Soak up the jazz-infused art of Joy Yamusangie
Joy Yamusangie always wanted to play the saxophone as a child, but the visual arts turned out to be a more accessible activity. “My parents were buying a pack of printer paper and I was pretty much ready,” the London-based artist tells us. So it was into art that they eventually channeled their efforts, making comics and animation for their siblings, and then earning a degree in illustration from the University of Portsmouth. Their practice has since expanded to include film and sculpture, alongside a strong mix of illustrations, paintings and drawings, which tend to share a recognizable combination of blocky shapes, thick lines, vivid tones and an intriguing cast of characters.
The visual arts provided a career for Yamusangie, but music remained a constant undercurrent. Their first illustration job was creating posters for club nights in Hackney and musical soundtracks during their time making art. “It inspires me to start creating, the songs show me through the creative failures and successes and sometimes capture the energy of the painting better than I could explain,” they tell us.
No genre sets Yamusangie’s ideas in motion more than jazz – a foundation of their Now Gallery exhibition, Feeling Good, which sets their evocative works in an imaginary club. The name recalls the classic number sung by Nina Simone, which features in the energizing playlist compiled by Yamusangie, giving a sense of the music behind this body of work. Visitors to the exhibition space can also expect a jazz score and can even jingle the keys themselves.
Yamusangie began making the artwork for the exhibition the same year the pandemic took hold. During the lockdown, they found a daily ritual in engraving, with results displayed solo for the first time. Yamusangie also took advantage of the confinement to revisit his childhood dream of learning the saxophone: “It has been a nice break from my very visual world and I can just close my eyes and experiment and paint with sound. It’s new to me and I love it.
But above all, the confinement was a personally significant period during which the artist was able to reflect on his identity. It was the first time they had experienced the “gender euphoria” that others were talking about but had never resonated before. “I felt good and started imagining this space where other male trans people could also be and feel good, and for me a space that felt like a jazz club,” Yamunsangie says of the genesis. of the exhibition. Two personalities were particularly influential: Joss Moody, the fictional main character in Jackie Kay’s novel Trumpet, and Billy Tipton, the real-life musician who inspired the character. Jazz provided a home for both, and Yamusangie wanted to recreate that feeling through work and space.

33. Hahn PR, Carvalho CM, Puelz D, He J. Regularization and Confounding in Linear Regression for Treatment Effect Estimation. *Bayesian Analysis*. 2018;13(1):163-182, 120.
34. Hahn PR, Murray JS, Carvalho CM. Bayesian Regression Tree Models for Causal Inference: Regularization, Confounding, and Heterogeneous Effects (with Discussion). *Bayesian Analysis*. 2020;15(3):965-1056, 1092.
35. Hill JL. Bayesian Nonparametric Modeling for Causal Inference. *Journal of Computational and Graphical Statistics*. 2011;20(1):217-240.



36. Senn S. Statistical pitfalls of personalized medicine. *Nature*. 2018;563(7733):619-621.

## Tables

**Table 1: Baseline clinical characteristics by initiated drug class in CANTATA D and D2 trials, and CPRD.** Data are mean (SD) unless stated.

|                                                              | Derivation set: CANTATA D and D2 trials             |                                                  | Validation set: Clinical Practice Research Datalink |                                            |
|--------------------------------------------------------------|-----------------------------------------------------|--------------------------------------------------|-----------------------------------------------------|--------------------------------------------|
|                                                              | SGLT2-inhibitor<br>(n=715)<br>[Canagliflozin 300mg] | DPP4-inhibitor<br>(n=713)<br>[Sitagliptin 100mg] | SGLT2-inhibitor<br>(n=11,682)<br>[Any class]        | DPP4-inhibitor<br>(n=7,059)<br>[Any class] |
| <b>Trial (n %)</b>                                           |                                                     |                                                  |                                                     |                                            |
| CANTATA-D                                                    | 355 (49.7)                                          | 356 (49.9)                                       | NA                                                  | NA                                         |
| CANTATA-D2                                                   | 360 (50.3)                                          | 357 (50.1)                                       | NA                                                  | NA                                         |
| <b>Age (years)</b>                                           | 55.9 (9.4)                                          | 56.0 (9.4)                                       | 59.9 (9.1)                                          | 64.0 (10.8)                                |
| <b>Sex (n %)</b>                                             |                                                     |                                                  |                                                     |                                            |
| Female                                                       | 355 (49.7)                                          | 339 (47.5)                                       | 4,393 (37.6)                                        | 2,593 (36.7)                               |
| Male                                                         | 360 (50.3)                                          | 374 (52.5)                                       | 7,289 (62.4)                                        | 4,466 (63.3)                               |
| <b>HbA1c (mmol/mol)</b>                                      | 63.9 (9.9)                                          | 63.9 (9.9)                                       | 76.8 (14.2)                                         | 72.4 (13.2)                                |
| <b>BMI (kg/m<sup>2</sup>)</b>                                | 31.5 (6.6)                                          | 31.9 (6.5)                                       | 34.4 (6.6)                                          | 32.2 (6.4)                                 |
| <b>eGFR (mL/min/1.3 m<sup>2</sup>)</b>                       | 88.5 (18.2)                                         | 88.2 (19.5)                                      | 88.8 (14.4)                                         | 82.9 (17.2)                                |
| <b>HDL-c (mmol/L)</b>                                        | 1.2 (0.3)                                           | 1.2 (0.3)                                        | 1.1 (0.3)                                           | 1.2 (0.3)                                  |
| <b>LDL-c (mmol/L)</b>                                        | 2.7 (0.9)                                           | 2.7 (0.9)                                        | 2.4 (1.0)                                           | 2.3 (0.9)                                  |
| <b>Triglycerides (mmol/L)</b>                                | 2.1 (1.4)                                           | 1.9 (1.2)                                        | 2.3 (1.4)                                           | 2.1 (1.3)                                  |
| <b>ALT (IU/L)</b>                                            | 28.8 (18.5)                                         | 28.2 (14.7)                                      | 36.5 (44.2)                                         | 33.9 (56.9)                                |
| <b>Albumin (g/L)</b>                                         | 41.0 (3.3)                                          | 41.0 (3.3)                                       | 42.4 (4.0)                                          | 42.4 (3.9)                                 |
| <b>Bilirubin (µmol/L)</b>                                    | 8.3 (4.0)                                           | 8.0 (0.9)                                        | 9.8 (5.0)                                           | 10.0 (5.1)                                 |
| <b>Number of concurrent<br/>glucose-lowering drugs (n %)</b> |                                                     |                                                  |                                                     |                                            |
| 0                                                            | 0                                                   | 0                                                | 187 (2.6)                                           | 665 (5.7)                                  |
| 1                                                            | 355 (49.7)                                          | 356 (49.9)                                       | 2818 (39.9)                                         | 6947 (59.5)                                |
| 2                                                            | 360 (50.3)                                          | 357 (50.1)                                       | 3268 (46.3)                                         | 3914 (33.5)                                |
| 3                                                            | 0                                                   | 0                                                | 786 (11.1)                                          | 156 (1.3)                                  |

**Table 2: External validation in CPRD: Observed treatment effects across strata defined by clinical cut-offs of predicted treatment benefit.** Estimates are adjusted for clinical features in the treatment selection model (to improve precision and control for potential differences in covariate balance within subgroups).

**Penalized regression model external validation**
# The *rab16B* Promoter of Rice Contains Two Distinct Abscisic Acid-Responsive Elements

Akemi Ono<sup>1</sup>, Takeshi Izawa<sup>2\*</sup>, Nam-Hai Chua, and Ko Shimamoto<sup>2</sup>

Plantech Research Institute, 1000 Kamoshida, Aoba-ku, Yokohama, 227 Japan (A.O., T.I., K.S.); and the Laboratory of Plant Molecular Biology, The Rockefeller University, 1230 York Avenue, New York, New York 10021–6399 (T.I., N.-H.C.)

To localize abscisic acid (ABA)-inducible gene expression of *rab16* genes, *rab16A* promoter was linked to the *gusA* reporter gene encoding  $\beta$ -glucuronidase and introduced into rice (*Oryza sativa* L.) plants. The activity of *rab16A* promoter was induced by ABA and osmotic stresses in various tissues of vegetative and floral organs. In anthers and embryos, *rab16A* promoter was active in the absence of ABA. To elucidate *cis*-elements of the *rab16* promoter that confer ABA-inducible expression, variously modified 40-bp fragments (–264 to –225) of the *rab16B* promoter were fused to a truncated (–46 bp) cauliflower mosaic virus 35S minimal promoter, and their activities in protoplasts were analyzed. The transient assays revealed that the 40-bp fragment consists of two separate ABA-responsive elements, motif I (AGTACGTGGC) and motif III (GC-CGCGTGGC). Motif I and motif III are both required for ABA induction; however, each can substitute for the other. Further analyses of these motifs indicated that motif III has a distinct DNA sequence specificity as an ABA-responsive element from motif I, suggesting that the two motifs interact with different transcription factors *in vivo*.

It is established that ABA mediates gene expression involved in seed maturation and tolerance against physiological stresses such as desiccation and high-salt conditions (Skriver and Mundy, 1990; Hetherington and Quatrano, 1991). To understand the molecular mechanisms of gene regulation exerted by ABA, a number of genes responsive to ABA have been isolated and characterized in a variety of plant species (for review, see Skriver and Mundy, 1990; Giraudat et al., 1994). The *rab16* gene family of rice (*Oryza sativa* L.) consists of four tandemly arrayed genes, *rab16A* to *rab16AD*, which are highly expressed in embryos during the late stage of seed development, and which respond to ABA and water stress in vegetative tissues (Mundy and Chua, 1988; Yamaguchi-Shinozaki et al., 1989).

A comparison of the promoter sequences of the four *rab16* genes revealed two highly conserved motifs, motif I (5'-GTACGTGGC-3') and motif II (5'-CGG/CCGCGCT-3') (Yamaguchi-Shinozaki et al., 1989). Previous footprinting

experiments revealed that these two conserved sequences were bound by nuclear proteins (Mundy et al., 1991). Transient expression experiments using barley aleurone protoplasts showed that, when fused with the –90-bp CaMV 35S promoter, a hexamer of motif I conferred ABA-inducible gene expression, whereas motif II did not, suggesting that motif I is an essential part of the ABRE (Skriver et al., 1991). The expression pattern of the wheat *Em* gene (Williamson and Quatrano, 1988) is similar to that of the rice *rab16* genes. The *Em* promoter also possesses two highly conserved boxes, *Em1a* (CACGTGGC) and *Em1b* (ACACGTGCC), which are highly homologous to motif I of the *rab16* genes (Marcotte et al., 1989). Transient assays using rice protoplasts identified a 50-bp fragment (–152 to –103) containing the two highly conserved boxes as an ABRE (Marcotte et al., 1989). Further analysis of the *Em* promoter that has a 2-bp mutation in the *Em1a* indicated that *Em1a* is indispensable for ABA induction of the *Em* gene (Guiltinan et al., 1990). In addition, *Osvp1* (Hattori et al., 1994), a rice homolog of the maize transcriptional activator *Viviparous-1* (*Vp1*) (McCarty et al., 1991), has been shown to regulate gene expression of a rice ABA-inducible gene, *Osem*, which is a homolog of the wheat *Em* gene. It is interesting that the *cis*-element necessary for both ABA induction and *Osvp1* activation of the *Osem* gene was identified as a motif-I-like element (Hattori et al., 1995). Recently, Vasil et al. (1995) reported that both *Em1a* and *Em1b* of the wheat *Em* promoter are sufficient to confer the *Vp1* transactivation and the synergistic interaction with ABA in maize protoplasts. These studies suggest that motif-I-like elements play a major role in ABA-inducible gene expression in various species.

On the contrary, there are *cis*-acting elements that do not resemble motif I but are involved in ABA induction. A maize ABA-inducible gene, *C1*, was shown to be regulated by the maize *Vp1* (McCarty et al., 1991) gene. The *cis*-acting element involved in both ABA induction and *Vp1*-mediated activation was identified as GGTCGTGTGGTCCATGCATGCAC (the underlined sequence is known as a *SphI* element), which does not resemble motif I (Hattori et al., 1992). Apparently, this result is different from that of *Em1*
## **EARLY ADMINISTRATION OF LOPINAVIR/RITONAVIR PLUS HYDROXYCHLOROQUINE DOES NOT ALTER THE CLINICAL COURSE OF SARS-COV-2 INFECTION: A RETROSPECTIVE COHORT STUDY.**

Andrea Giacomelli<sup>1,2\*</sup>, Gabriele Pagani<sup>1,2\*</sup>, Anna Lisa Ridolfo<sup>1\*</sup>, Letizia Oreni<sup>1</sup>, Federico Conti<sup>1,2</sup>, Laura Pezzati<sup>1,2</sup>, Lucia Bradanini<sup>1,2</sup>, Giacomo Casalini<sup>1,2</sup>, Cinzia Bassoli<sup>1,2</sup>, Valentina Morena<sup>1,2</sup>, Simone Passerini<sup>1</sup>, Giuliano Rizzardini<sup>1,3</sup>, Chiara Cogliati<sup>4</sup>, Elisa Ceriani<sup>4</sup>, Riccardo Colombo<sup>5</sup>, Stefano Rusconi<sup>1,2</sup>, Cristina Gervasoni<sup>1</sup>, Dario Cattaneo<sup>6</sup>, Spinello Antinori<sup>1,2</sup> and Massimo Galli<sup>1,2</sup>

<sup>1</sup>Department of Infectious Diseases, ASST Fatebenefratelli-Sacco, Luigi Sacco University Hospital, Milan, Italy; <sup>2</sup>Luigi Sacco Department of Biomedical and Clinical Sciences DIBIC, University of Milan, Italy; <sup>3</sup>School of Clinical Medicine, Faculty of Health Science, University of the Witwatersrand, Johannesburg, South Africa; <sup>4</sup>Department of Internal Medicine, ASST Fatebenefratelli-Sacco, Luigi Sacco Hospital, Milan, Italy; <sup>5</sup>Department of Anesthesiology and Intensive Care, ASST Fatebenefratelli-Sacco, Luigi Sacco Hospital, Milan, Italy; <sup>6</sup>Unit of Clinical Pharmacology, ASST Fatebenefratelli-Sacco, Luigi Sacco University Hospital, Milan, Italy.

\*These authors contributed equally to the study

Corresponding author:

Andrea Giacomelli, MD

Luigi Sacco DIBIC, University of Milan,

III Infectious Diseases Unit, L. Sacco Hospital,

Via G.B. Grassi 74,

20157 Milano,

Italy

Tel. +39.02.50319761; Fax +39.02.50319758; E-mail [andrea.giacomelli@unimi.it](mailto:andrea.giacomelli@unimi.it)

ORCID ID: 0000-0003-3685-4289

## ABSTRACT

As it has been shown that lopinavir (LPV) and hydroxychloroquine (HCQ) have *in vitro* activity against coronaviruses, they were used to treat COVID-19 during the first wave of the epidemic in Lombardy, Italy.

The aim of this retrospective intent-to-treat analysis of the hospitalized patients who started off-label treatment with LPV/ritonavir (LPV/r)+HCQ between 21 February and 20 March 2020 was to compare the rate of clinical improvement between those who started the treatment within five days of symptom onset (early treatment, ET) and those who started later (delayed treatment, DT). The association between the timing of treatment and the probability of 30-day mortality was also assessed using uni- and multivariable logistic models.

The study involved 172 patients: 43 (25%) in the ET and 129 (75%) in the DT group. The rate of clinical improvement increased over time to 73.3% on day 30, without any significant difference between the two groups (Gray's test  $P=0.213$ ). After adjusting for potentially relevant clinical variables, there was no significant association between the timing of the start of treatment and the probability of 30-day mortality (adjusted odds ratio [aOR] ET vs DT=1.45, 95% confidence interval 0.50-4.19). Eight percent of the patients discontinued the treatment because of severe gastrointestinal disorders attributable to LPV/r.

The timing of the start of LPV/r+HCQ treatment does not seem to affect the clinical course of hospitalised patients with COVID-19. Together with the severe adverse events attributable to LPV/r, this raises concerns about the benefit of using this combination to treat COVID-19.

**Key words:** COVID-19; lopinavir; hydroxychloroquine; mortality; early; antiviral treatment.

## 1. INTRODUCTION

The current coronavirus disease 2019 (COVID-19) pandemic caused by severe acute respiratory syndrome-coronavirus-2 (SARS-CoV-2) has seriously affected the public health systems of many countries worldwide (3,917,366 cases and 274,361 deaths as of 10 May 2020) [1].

Yamusangie cites the Bauhaus movement as a key influence on their work, although they have translated it into a distinct visual language of their own. “I am drawn to the angles, the lines, the balanced composition and of course the color palette. It’s simple but I appreciate it. Sometimes I think I need nothing more than red, yellow, blue and black. Blue was squarely front and center on Yamusangie’s joint show with Ronan Mckenzie in 2020, with the duo evoking water deity Mami Wata together through photography, wall hangings, film and a bespoke score.
In Feeling Good, many works are reduced to three primary colors in accordance with the principles of sapologie, a Congolese clothing philosophy followed by elegantly dressed sappers. According to Sapology, Yamusangie explains, “When dressing up, you should not exceed more than three colors. And just like in Sapology, you choose colors carefully based on how you feel or what message you want to convey. So I thought about what these colors mean to me and I chose black (power and drama), yellow (wealth, jealousy and happiness) and red (romance, violence and confidence) and they are all moods or feelings that may arise within a club. ”
Aside from the heartaches and fights that often occur after dark, there is a sense of togetherness in many of the moments that Yamusangie portrays in the exhibit – candid conversations about life and self-love. , clubgoers who connect with each other either emotionally or physically, their clothes blending into one seamless silhouette.
As for who would come in through the door if Feeling Good was a real jazz club? “I would dream of Nina Simone playing a few nights. Perhaps you will find Stormé DeLarverie at the door welcoming people to the club. And in these dreams, I hope some people who inspire me like Campbell X and Cheryl Dunye have an odd night.